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Pool fencing question - help please.
boundary fence being used at pool fence - developer.


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#1 whale-woman

Posted 24 January 2013 - 06:22 PM

I was hoping a pool fencing guru out in EBland could help me here. Today I got a visit from a guy asking to see our boundary fence. I'm 8 mpnths pg and it took me a while to work out it was someone from the developer who is building some (from our point of view) horrible townhouses behind our house. He wanted to see the fence as he was planning in putting in 2 pools and wanted to use the boundary fence as the pool fence. Saying that he'd get some people to replace it with a higher 2.5 m fence in a day. I felt pretty powerless ( after having the development occur despite opposing it. and many months of noise and tradies staring into our lounge) pretty much took the line of 'so when is this happening?.' To which he say he'd stick a card under our door.

He's already knocked a small hole in the fence (accidentally) and the fence (good quality only a couple of years old) is listing as they have undermined it when they excavated. I have got a tree growing up against it and have planted bamboo to block the view of the townhouses and have a bouganvillea on the fence as well as having put wooden screens along it's top to make it so we aren't constantly stared in on (both of which have cost us several hundred $$) It also has an bird aviary and shed within a few cm of it. I understand that a non climbing zone of 90 cm has to be in place and suspect this would mean I'd have to get rid of my tree and bamboo/anything growing on the fence. I also have a toddler and will have a 2nd  bub in 2 weeks and really don't want to have the responsibility for keeping ladders etc inaccessible in our yard in case she decides to scale the fence (even if it's 2.5m.)

Is there any chance that we can stop this happening or should we just roll over and accept it or even look at moving house (yeah maybe a over reaction but how I'm feeling currently.) Am I right about having to remove the plants growing on the fence? We're in Vic.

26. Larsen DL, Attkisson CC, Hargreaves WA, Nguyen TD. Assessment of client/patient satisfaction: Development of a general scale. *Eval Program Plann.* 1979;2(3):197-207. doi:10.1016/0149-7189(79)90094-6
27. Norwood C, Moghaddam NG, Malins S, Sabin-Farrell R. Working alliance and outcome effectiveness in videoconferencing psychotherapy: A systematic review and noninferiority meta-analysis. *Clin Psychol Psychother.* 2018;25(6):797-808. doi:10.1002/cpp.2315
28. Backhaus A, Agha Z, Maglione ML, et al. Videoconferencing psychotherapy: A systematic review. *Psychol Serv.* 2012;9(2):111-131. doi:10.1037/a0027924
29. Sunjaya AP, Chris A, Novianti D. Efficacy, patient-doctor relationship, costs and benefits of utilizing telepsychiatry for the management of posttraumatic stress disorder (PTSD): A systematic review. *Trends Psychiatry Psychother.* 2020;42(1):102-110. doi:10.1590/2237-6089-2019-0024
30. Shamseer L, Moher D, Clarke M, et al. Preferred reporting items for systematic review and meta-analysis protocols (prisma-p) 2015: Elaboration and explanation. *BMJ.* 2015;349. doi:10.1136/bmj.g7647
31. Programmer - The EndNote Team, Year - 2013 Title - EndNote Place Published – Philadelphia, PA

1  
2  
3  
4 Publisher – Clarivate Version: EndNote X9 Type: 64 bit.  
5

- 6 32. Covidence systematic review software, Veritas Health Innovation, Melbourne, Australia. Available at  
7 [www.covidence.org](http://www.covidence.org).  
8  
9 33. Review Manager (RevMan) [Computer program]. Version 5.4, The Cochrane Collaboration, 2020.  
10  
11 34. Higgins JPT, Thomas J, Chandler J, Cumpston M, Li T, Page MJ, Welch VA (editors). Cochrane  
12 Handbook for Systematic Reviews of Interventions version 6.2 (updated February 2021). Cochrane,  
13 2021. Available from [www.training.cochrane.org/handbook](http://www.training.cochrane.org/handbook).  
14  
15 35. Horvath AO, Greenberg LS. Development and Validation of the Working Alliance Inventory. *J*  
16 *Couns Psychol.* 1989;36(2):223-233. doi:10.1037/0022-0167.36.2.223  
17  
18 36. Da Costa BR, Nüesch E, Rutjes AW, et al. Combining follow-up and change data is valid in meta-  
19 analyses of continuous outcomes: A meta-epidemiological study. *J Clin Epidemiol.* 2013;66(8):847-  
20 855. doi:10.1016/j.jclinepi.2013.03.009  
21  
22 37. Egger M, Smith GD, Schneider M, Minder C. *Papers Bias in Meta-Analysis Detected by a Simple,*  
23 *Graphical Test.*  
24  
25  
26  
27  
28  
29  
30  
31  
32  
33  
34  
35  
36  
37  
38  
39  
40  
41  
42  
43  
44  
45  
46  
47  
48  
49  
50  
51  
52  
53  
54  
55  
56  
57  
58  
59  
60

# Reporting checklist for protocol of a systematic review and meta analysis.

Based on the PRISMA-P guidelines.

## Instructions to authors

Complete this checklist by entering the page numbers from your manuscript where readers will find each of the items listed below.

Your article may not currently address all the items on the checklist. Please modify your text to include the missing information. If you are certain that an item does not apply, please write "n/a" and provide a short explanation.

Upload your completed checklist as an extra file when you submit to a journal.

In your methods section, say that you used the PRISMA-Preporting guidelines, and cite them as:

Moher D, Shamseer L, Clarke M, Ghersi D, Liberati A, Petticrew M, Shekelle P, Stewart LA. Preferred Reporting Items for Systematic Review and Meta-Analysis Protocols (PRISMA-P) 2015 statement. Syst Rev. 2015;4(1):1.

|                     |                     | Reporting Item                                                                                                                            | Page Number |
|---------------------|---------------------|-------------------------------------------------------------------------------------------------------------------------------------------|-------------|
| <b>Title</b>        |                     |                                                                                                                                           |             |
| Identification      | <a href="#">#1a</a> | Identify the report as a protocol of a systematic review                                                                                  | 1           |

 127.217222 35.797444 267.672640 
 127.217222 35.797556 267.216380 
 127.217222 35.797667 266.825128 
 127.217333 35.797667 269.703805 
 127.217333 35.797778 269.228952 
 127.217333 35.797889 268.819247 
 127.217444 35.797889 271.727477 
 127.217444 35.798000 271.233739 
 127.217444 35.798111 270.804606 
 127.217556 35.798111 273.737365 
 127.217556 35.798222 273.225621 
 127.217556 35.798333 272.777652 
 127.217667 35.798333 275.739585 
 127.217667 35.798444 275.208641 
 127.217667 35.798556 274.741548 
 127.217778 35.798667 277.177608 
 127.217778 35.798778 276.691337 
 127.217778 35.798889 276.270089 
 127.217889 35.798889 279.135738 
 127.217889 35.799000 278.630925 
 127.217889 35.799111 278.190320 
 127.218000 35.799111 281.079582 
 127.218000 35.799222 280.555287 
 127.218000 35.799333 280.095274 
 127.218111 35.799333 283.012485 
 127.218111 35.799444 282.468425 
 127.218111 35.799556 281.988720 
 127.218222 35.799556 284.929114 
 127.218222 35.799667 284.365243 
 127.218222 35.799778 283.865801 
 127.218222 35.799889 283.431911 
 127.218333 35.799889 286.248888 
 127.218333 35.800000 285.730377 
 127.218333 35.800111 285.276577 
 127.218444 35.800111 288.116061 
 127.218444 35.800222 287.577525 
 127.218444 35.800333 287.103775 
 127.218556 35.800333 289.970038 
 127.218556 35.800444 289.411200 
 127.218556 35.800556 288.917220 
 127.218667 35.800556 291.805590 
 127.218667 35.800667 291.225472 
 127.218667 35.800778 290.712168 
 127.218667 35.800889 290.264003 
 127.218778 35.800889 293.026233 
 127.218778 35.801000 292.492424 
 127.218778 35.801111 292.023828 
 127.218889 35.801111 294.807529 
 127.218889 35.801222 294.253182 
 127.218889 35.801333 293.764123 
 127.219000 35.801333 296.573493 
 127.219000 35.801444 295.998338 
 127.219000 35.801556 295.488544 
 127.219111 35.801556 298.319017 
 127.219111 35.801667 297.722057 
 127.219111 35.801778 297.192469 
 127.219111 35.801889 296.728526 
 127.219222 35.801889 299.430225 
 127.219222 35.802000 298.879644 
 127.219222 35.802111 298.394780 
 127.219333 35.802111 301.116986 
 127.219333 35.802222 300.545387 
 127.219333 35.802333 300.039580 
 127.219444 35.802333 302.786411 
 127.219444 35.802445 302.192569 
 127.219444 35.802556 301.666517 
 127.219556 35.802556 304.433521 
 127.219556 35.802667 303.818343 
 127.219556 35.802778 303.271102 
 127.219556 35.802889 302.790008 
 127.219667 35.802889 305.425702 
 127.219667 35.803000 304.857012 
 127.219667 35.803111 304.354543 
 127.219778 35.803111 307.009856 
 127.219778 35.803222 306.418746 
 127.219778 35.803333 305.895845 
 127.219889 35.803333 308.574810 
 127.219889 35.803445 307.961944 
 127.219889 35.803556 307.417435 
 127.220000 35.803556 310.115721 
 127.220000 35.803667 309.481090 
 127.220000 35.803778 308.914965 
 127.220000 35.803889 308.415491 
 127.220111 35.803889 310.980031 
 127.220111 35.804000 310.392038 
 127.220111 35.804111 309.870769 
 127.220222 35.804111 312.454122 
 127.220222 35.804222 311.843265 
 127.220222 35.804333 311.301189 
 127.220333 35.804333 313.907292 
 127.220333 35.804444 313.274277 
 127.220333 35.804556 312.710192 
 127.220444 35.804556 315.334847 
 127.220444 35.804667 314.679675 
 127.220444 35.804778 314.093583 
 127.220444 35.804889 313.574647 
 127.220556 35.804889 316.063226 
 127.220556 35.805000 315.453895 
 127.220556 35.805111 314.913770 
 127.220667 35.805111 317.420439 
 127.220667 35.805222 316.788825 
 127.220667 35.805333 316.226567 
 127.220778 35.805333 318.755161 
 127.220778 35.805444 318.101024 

Help please???

Edited by whale-woman, 24 January 2013 - 06:59 PM.


#2 Chalkie

Posted 24 January 2013 - 06:37 PM

Hi, I would call your council and ask the question.  As far as I am aware you would not need to remove trees etc - it would be up to them to erect a fence that is not climbable on either side. - so perhaps replacing your fence?

I would call and ask for a council ranger to come out and take a look.

#3 Julie3Girls

Posted 24 January 2013 - 06:49 PM

From my understanding, you won't need to do anything special with your side of the fence.

We use our back fence as part of our pool fence - requirements were 1.8m height (as opposed to the normal 1.2m for a pool fence). We were told the increase in height was to try and discourage kids from climbing (even using something), because the drop from the top of the fence would be higher and more daunting.

#4 whale-woman

Posted 24 January 2013 - 06:53 PM

Ensure no tree branches, pool pumps, pot plants or other item which could be used to climb over the barrier are within a 900mm radius of the gate or fence - http://www.buildingcommission.com.au/www/h...pools--spas.asp

You should also make sure that there are no trees, plants, furniture, barbecues, pool equipment or anything else that is climbable within 900mm (90cm) of the outside of your pool fence.  This is called a non climbable zone (NCZ). This is because kids are naturally curious and can use these to climb into the pool area.

Read more: http://www.homeimprovementpages.com.au/art...a#ixzz2IshFoH8j

This is what is concerning me...  that we effectively lose our back boundary garden/have to stare at a bare fence or site any tall plants so the don't reach 90cm from the fence as well as then will be responsible for half the presumably higher upkeep/maintenance costs of a pool fence once it's in place. Not to mention that we have a shed filled with ladders/planks etc that adventurous kids could drag out to go over the fence. So will have to change our management of such things. Really the crux of it comes that I will become responsible for policing the safety of pool fence that is not for my pool. I wouldn't have pool myself as I wouldn't want the safety issues, but now seem to be in the situation of having them forced on me.